Richard Sussman

Live at Sweet Rhythm

origin 82563

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MUSIC REVIEW BY Dan Bilawsky, All About Jazz

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Life has few certainties, but the constant and ever-moving nature of time is one of them. Events, both miniscule and monumental, pass by and usually leave nothing more than a memory or, in the case of music, a record. Such was the case with pianist Richard Sussman's Free Fall (Inner City Records, 1978). Joined by some burgeoning young talent in 1978, Sussman's album became an underground classic and that seemed to be the end of it. All the players involved in the recording moved on and developed into well-respected jazz veterans, with Sussman moving into touring bands, composing and teaching.

As the years went by, the music began resonating with a lot of people, Sussman included, and the pianist eventually bought the rights to his recording. After some calendar juggling, he was able to nail down everybody from the original project, with the exception of saxophonist Larry Schneider, and they celebrated the album's twenty-fifth anniversary with two nights at New York's Sweet Rhythm. Now, seven years later, this music has made its way to the marketplace as Live At Sweet Rhythm, and the music was well worth the wait.

A few songs from the original album, a couple of new tunes and a pair of standards make up the program, and Sussman generously shares the spotlight with everybody involved. The standards belong to the horn players, with trumpeter Tom Harrell at the center of "What's New," and saxophonist Jerry Bergonzi delivering a stellar take, capped off with a terrific cadenza, on "Soultrane." "Mary's Song," one of the two newer Sussman originals, has an uplifting and sunny theme that's instantly appealing, with drummer Jeff Williams and bassist Mike Richmond providing some slick supporting grooves.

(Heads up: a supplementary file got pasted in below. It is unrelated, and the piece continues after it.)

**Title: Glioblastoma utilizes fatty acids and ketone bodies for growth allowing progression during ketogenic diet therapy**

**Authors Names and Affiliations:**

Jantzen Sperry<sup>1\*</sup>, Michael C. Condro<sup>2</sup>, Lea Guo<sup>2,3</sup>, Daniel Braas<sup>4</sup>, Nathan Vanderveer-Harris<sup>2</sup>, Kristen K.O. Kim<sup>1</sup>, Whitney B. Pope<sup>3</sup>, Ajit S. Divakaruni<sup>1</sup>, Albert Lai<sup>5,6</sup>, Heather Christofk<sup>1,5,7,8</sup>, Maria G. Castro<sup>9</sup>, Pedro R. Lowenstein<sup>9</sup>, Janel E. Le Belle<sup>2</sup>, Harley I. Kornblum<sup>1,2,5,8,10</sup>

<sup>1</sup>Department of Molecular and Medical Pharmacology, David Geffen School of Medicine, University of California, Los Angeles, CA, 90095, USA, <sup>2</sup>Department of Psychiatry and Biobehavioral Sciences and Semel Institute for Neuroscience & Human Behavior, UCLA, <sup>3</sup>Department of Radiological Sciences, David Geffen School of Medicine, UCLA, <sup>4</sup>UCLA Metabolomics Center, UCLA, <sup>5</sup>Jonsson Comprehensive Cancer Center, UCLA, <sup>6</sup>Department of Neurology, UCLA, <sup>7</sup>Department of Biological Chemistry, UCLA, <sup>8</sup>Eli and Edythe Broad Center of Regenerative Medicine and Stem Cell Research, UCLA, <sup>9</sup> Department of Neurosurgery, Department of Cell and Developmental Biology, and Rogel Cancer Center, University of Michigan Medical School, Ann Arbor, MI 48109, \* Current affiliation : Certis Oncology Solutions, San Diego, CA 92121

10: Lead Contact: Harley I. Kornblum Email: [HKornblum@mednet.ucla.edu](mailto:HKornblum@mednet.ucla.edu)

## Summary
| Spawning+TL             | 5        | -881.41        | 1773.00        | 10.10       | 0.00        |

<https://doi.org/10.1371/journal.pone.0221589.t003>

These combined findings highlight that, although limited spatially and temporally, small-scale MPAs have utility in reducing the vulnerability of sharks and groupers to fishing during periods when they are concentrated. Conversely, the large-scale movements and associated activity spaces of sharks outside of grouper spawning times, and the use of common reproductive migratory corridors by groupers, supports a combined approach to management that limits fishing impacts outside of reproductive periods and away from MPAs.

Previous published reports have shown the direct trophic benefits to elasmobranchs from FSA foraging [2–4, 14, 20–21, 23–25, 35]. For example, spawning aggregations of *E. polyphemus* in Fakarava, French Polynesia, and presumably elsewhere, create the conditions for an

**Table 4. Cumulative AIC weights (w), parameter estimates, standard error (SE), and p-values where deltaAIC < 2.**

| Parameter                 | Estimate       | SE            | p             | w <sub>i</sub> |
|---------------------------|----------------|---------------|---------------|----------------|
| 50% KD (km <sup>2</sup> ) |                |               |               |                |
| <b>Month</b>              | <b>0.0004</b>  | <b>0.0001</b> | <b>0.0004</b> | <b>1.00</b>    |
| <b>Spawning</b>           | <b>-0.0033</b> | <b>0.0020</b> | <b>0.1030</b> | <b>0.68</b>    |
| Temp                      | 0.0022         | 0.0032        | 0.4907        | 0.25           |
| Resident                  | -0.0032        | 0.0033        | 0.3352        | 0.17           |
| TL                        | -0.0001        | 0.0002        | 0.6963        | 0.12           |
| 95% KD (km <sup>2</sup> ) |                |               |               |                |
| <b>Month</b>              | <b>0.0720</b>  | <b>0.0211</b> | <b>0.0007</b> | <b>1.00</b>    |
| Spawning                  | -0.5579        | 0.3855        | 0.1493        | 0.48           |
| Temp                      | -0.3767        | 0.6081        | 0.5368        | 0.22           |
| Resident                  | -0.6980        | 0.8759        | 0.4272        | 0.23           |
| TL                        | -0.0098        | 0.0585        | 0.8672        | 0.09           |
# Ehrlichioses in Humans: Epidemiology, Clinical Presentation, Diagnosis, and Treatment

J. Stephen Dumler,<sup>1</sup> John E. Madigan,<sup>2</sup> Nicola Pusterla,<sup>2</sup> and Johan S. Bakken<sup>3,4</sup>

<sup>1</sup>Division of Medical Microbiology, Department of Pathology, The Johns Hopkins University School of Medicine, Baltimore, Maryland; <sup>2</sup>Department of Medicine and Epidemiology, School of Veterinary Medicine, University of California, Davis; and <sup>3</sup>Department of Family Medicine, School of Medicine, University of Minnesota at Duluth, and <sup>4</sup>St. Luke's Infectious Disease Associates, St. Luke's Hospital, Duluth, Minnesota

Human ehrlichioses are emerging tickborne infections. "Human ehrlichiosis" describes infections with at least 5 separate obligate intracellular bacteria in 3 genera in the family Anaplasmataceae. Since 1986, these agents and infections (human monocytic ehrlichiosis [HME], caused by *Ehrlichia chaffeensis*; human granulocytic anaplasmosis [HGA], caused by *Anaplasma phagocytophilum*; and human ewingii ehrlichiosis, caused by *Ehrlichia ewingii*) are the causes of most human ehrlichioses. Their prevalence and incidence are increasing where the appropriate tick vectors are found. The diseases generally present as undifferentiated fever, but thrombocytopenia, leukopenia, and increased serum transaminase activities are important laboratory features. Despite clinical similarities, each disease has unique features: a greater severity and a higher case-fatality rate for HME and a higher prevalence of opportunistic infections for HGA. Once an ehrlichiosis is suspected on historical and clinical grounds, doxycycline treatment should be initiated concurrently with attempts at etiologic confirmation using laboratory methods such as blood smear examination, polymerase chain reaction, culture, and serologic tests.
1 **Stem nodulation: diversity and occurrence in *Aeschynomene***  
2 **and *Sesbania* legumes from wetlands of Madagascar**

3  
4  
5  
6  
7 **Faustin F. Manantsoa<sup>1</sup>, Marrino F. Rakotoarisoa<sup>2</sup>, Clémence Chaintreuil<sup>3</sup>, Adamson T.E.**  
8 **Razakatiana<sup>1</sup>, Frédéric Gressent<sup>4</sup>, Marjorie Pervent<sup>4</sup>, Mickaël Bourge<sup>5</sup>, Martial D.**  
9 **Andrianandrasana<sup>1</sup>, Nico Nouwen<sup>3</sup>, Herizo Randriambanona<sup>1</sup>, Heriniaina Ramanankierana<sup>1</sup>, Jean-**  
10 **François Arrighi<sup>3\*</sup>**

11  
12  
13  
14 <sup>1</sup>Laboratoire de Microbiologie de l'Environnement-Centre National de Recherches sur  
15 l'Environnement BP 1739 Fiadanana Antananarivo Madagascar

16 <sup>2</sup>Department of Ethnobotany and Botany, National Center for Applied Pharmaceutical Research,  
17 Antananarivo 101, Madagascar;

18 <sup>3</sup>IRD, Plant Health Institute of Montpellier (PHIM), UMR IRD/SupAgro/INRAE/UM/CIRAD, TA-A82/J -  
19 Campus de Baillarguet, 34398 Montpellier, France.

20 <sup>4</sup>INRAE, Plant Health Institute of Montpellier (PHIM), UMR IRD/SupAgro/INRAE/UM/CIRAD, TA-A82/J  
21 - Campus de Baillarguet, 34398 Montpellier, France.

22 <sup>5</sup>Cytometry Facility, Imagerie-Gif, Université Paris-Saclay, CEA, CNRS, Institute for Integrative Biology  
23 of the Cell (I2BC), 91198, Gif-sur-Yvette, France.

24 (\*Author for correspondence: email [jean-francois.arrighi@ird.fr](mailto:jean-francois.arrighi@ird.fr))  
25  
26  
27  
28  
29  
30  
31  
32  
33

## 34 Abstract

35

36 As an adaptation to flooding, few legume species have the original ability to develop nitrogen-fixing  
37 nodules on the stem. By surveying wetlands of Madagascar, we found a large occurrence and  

What's so striking about this rhythm section is its ability to bring a certain amount of intensity to the music without the high volume levels that often, needlessly, go with it. "Waiting" and "Tiahuanaco" are prime examples of this quality, and both contain plenty of solo space. The album's closing tracks are its most adventurous: "Lady Of The Lake" begins with a rubato piano introduction?full of mystery, intrigue and impressionistic flourishes?before things finally settle in; "Free Fall" is almost episodic in nature, and offers a lot to like. Williams' loose drum soloing, Harrell's following explorations, Bergonzi's playing over uncertain footing, and Sussman's flurry of notes all add to the magic. Here's hoping three more decades don't have to pass for these musicians to reconvene.






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